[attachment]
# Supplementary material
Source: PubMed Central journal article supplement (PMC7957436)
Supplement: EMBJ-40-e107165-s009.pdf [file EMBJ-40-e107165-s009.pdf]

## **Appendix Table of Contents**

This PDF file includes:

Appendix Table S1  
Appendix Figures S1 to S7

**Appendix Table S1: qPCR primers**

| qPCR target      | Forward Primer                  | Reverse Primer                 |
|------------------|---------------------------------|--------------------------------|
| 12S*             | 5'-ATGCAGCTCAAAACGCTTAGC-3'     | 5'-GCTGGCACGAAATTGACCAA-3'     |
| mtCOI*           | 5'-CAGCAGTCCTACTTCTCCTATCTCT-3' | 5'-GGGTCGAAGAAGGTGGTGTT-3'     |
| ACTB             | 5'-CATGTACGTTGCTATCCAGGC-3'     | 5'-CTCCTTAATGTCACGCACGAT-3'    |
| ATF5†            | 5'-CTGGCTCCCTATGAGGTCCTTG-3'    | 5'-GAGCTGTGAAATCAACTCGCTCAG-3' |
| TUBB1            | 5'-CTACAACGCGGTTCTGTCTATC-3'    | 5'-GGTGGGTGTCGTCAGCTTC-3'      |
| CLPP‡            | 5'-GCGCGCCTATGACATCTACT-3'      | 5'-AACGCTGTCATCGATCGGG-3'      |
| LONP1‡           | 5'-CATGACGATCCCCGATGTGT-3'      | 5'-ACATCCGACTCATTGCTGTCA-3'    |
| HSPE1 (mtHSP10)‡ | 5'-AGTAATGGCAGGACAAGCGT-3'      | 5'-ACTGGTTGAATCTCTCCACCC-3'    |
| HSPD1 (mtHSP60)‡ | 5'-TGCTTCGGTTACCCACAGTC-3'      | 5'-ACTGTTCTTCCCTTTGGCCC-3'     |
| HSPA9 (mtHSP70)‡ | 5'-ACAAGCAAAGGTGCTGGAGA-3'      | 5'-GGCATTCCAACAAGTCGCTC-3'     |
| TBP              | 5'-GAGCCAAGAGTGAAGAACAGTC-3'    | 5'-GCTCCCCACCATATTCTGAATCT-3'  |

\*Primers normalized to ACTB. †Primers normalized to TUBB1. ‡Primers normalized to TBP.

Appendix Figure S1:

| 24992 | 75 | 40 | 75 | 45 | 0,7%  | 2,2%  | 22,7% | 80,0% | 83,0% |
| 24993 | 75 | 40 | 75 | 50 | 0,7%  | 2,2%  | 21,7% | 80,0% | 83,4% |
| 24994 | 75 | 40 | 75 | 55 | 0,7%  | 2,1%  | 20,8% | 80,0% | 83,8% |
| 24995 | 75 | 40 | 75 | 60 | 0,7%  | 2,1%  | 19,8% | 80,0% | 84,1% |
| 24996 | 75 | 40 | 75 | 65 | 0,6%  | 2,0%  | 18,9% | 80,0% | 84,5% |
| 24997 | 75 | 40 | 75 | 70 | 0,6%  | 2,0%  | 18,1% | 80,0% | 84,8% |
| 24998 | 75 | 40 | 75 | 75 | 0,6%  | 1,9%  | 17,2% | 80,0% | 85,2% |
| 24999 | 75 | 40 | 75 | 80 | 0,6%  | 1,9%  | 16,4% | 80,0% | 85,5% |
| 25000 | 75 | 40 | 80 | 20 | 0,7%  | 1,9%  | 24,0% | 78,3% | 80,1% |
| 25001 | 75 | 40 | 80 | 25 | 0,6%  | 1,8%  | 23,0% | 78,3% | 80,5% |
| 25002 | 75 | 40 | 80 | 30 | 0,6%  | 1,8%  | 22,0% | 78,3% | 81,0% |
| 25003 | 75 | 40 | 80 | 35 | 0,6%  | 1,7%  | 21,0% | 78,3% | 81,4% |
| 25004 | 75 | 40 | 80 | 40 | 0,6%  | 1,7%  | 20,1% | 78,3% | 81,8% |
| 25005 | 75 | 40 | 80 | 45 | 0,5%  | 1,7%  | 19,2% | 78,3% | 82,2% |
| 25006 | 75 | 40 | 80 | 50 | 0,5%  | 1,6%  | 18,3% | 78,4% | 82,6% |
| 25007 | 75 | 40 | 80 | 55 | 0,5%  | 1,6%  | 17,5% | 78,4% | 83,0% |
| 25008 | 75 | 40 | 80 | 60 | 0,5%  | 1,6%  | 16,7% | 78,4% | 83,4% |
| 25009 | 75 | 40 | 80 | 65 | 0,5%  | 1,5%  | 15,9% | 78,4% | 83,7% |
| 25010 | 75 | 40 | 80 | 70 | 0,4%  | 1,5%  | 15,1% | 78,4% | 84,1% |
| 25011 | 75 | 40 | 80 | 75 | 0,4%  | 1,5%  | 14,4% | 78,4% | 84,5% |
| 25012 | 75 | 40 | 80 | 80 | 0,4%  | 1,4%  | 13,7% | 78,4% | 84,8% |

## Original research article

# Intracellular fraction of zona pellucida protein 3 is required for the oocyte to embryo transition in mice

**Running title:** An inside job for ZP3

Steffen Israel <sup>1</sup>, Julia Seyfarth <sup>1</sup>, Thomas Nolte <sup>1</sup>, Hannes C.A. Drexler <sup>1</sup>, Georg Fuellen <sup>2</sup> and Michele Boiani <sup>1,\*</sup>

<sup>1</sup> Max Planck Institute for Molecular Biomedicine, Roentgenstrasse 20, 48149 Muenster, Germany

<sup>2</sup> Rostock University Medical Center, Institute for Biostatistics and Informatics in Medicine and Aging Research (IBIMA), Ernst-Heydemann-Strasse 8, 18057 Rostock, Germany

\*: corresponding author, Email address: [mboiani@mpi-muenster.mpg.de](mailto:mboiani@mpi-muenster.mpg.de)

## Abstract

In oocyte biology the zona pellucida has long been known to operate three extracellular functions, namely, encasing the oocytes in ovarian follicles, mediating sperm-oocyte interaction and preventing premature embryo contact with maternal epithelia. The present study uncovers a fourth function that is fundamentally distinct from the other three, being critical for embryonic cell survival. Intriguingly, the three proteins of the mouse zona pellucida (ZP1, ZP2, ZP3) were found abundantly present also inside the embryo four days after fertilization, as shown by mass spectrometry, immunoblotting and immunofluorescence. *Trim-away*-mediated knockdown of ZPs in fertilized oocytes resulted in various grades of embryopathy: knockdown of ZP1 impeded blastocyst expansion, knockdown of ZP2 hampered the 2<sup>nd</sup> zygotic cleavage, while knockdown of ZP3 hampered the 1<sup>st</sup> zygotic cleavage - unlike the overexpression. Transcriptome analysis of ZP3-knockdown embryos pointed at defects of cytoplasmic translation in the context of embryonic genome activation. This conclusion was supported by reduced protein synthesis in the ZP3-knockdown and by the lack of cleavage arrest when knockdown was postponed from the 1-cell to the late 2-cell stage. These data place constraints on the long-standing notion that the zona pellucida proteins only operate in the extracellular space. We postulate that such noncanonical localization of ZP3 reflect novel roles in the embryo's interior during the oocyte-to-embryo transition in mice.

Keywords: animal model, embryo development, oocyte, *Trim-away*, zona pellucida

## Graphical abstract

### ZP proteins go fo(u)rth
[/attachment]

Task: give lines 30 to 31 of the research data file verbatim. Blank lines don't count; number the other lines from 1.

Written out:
| 24998 | 75 | 40 | 75 | 75 | 0,6%  | 1,9%  | 17,2% | 80,0% | 85,2% |
| 24999 | 75 | 40 | 75 | 80 | 0,6%  | 1,9%  | 16,4% | 80,0% | 85,5% |